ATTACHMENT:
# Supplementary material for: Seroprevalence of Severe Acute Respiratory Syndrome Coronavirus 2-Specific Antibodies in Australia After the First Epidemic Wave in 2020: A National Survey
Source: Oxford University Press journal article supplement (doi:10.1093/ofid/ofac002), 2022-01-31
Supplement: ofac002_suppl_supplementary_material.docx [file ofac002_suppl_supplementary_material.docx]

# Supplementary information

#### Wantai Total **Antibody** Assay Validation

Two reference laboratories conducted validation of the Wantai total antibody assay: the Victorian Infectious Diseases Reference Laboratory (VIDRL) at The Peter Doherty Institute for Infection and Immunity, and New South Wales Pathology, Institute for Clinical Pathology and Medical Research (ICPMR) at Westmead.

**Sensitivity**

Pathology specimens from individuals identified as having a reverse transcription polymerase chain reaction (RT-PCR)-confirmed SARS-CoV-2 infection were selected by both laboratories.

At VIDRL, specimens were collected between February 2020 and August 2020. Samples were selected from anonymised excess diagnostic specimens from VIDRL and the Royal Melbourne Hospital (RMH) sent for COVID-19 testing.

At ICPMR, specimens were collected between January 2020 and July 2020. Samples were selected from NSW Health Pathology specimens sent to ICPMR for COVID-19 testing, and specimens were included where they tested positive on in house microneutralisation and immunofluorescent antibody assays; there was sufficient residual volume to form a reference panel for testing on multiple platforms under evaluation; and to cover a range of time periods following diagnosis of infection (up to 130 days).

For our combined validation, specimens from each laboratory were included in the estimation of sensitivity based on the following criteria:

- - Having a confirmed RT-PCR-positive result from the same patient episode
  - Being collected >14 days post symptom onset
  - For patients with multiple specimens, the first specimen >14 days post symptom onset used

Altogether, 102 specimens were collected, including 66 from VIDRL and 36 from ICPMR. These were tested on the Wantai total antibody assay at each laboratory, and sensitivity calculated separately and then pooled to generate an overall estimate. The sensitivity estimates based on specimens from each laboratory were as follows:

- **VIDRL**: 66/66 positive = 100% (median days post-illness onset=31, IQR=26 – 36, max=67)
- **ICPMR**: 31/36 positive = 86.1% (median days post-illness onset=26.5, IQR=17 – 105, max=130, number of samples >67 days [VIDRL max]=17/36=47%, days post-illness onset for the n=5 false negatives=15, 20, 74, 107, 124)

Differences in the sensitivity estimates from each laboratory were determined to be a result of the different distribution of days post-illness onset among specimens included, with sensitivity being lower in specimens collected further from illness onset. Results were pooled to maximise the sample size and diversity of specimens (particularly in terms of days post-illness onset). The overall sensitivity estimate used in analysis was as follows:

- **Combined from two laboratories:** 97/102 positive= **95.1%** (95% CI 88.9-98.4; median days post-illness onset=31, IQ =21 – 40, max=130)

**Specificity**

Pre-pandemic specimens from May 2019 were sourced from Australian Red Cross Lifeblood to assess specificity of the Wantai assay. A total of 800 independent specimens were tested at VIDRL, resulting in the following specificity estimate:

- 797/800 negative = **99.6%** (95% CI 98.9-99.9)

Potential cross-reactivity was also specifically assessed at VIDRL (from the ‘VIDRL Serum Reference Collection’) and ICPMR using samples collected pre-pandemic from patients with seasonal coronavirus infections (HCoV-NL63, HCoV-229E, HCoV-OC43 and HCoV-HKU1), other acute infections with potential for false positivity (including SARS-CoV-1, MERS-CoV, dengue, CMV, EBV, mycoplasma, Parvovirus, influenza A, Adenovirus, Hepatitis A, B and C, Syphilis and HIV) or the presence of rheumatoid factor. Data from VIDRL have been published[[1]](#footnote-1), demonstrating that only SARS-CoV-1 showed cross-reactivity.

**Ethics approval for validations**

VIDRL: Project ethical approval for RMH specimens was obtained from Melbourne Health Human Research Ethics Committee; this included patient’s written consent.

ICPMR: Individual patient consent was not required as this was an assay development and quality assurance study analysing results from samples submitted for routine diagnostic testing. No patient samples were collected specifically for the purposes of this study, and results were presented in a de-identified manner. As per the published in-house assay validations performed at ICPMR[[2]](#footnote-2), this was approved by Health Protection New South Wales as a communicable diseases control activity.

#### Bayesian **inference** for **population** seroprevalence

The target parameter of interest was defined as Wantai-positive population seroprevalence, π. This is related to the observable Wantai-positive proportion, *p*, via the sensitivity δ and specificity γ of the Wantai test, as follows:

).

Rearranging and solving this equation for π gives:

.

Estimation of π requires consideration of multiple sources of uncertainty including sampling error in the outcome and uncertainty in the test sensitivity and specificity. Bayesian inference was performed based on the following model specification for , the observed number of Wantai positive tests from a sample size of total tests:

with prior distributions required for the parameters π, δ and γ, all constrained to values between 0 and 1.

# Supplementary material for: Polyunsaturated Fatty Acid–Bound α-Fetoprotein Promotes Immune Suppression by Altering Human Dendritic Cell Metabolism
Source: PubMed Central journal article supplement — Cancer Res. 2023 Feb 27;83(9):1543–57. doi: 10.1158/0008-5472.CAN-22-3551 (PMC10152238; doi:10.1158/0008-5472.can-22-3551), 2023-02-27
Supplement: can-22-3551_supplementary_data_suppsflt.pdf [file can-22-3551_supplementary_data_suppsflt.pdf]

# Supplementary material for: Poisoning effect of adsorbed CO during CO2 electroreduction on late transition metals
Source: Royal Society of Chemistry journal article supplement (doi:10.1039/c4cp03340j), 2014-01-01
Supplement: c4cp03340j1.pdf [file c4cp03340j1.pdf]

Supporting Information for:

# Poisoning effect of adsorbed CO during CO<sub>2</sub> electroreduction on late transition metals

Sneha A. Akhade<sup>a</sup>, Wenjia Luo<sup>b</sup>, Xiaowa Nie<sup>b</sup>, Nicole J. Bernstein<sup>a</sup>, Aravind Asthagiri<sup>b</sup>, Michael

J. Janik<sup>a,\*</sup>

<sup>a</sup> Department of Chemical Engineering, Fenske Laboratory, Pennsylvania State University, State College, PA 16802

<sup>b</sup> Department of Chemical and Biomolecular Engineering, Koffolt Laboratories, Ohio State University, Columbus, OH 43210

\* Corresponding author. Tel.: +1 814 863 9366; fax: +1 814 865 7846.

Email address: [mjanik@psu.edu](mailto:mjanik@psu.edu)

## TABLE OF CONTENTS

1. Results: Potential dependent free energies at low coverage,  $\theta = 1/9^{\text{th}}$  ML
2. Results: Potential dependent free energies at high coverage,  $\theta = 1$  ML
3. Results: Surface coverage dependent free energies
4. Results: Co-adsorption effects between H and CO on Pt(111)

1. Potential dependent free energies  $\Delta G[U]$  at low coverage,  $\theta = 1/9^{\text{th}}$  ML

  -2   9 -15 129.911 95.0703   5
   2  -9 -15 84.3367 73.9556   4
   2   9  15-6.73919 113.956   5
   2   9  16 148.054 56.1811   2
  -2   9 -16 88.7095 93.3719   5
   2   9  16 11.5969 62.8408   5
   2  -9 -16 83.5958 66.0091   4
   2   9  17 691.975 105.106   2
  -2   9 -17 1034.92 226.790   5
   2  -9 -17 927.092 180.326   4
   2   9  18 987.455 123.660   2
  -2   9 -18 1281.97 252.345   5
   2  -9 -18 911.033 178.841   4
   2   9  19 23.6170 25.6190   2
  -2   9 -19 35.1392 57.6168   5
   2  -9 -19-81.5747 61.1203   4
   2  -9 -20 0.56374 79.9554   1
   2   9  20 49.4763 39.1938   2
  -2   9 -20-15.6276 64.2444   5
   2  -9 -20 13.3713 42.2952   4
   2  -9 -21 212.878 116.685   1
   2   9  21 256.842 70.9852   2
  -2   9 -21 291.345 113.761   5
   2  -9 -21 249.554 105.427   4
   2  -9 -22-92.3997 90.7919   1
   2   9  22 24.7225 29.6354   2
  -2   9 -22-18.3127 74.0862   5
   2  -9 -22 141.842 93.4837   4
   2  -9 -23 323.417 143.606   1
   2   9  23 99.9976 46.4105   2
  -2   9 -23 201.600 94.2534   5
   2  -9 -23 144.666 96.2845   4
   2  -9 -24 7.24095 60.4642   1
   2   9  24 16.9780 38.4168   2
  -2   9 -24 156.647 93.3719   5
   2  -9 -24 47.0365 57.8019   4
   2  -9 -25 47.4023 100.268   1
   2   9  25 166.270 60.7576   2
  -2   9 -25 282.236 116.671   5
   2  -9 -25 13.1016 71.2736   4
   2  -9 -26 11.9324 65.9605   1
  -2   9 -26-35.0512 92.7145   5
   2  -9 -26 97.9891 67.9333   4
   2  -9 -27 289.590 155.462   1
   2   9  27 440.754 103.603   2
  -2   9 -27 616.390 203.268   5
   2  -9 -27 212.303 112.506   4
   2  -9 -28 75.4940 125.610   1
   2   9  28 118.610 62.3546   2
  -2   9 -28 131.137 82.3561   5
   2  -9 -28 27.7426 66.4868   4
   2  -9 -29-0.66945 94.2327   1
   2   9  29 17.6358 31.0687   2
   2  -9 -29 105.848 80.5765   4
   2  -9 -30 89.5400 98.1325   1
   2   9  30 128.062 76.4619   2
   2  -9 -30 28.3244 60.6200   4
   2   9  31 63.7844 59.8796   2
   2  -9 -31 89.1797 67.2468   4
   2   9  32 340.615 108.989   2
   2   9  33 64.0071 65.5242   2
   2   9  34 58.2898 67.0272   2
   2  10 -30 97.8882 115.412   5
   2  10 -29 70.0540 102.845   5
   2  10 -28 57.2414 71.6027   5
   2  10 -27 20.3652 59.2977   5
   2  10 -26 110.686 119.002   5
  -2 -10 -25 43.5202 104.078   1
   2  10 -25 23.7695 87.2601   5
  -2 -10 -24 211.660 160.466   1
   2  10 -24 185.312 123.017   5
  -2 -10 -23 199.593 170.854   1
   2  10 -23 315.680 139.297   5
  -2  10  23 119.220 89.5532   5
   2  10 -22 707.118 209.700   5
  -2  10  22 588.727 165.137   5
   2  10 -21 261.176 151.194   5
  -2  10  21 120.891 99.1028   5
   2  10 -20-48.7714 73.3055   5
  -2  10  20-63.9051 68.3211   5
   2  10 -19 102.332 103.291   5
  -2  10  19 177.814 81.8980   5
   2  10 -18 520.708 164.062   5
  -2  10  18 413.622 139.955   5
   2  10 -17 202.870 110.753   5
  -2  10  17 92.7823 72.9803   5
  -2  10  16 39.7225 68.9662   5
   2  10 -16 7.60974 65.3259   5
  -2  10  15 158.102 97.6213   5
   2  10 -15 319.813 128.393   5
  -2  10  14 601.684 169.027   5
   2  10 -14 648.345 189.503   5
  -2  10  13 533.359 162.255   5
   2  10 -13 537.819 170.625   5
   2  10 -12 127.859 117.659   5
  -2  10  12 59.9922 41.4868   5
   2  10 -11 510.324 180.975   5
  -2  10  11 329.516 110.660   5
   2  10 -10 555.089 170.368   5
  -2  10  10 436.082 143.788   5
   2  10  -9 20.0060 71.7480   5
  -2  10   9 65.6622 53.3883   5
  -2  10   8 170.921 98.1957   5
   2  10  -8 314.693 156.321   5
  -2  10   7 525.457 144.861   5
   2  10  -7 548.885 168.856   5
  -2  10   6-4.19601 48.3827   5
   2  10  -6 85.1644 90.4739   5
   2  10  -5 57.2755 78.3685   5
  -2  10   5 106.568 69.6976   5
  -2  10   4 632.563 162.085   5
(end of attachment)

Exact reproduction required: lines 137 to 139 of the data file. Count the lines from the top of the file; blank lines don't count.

  -2  10  18 413.622 139.955   5
   2  10 -17 202.870 110.753   5
  -2  10  17 92.7823 72.9803   5